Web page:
Does the term 'distributed systems' give you chills? Do you feel like you’re flying without a cockpit when observing your production environment? We’ve all experienced all that to some extent. Distributed systems are hard to tame, and having full visibility into what’s happening within them is no easy task.
One of the many layers to monitor is the network. We need to be able to answer questions like:
- Where are my services sending requests?
- Which applications are communicating?
- Is there latency in any link?
- There’s been an unexpected response from our service. From all the events it chained, where did it begin?
Service mesh is an additional infrastructure layer that allows us to have further control over the network by extending its features. Let's first define the base concepts, so that we understand where we are and where we want to go.
Let's first remember that a reverse proxy (Nginx, HAproxy… you name it) is software that intercepts traffic and provides TLS termination, caching, metrics etc.
These are frequent features worth decoupling from our applications for a better operation of both the environment and the business logic. Now, let's imagine that we have a set of microservices, and we want to have the aforementioned features for each one of them. We may end up with another set of reverse proxies, each one with a different configuration:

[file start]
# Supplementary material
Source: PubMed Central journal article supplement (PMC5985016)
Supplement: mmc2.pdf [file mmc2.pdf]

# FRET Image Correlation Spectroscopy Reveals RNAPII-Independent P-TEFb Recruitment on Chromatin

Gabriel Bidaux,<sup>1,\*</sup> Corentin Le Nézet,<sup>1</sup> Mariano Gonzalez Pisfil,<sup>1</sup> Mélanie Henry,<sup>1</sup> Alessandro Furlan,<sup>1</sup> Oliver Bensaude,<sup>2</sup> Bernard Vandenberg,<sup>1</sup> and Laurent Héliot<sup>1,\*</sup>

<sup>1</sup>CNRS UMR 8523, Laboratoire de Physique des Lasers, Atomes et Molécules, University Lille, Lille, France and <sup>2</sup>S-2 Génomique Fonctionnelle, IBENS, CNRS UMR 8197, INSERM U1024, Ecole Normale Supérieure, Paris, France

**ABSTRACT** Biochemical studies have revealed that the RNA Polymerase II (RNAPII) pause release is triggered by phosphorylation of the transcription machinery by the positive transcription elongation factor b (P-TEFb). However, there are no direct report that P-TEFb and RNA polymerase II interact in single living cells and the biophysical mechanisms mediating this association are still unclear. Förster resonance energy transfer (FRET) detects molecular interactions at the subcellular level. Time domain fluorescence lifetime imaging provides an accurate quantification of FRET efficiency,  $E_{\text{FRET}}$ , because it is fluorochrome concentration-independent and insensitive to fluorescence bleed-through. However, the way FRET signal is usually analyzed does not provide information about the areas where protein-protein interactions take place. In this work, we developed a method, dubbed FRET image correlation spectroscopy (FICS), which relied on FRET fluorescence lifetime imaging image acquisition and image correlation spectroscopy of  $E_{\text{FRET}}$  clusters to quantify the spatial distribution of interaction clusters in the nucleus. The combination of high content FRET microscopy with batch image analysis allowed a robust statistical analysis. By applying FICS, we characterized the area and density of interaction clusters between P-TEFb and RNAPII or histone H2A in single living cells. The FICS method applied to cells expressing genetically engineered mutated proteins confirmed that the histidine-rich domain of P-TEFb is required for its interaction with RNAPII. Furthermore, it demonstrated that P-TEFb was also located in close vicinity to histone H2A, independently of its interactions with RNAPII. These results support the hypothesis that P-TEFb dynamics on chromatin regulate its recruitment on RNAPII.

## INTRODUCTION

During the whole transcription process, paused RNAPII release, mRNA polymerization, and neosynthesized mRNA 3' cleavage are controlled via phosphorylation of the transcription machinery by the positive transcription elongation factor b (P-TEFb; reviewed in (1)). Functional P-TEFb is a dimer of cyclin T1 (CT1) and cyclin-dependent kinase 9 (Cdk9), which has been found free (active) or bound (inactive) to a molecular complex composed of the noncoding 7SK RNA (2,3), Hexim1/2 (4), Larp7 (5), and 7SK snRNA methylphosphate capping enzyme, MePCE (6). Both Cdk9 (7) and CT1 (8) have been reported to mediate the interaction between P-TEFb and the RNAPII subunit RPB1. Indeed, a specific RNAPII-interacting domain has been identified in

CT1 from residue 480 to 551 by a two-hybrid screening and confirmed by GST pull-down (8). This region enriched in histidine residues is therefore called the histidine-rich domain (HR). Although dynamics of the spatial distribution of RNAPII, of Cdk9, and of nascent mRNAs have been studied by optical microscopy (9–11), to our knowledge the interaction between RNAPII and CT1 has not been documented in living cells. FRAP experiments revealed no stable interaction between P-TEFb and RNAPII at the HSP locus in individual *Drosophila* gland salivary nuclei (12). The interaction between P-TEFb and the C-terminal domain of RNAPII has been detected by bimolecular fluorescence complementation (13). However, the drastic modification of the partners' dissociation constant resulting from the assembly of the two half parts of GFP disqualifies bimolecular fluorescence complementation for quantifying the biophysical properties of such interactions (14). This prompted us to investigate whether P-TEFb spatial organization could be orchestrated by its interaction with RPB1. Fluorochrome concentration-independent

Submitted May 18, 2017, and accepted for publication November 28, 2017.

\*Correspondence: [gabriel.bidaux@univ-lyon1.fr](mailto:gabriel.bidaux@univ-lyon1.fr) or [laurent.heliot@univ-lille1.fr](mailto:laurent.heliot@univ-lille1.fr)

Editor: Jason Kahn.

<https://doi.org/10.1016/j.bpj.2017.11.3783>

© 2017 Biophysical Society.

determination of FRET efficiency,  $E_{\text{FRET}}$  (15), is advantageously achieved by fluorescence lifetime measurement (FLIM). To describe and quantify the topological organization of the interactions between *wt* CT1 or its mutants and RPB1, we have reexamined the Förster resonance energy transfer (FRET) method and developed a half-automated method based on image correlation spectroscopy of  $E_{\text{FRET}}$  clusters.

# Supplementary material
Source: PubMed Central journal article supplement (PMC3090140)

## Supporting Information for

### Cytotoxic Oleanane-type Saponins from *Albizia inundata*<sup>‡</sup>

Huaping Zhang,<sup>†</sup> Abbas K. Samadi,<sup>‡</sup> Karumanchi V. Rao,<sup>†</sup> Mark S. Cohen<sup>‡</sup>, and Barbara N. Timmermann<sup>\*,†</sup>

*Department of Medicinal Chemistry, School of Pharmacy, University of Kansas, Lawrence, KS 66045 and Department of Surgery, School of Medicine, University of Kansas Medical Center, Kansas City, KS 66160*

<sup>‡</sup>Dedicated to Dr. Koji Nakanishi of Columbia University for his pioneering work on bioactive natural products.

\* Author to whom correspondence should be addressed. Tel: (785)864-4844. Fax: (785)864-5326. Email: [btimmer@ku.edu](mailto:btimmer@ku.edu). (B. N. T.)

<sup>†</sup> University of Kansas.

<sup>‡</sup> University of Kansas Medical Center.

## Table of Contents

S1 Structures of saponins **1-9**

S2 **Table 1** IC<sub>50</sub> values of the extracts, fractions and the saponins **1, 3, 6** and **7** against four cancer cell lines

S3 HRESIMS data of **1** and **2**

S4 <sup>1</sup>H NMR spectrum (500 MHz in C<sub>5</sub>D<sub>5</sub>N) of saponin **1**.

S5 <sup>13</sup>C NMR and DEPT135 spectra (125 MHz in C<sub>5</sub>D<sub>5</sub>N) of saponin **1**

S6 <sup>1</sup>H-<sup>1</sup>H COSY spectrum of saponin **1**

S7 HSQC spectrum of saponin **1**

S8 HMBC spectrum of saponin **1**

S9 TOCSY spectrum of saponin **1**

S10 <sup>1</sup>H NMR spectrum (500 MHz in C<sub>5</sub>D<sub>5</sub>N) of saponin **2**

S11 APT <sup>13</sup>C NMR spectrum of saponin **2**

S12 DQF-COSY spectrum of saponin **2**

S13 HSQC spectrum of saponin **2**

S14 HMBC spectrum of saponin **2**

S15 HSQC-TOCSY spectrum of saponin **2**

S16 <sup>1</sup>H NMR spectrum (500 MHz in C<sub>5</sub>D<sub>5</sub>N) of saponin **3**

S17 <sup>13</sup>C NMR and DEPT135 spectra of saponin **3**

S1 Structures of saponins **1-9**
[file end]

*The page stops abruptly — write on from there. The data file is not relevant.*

We can all agree that that is an architecture that will soon be difficult to scale and maintain. What if we place some logic that can help us operate them?
Now it looks easier to handle, right? Well, in fact, that’s what a service mesh looks like.
A service mesh is composed of 2 main components:
- A control plane, i.e., a logic that computes the configuration of all the proxies and is in charge of updating all of them.
- A data plane that does all the heavy lifting by intercepting and managing all incoming and outgoing traffic of the services.
This is the architecture; however, we’re not going to reinvent the wheel because (lucky us) there are already several solutions in the market that provide those types of features, such as: Linkerd, Consul Service Mesh or Istio. Each one of them has its pros and cons, so unfortunately for us, there’s no so-called ‘holy grail.’
Given our requirements at The Workshop, we chose Istio, which is an open-source project developed by Google and IBM. It uses Envoy as a proxy, which is developed by Lyft.
These are the feature we are currently using:
- Enforcing mutual TLS (mTLS) between our microservices i.e., both parties are authenticating each other and encrypting the traffic.
- Limiting outgoing traffic to a set of domains, discarding any other destination.
- TLS termination and HTTP to HTTPS redirection for incoming traffic.
- Custom load balancing for a specific set of applications.
This technology offers an exciting and wide range of possibilities, and we’re still studying how to improve both the security and performance of our infrastructure by taking full advantage of it.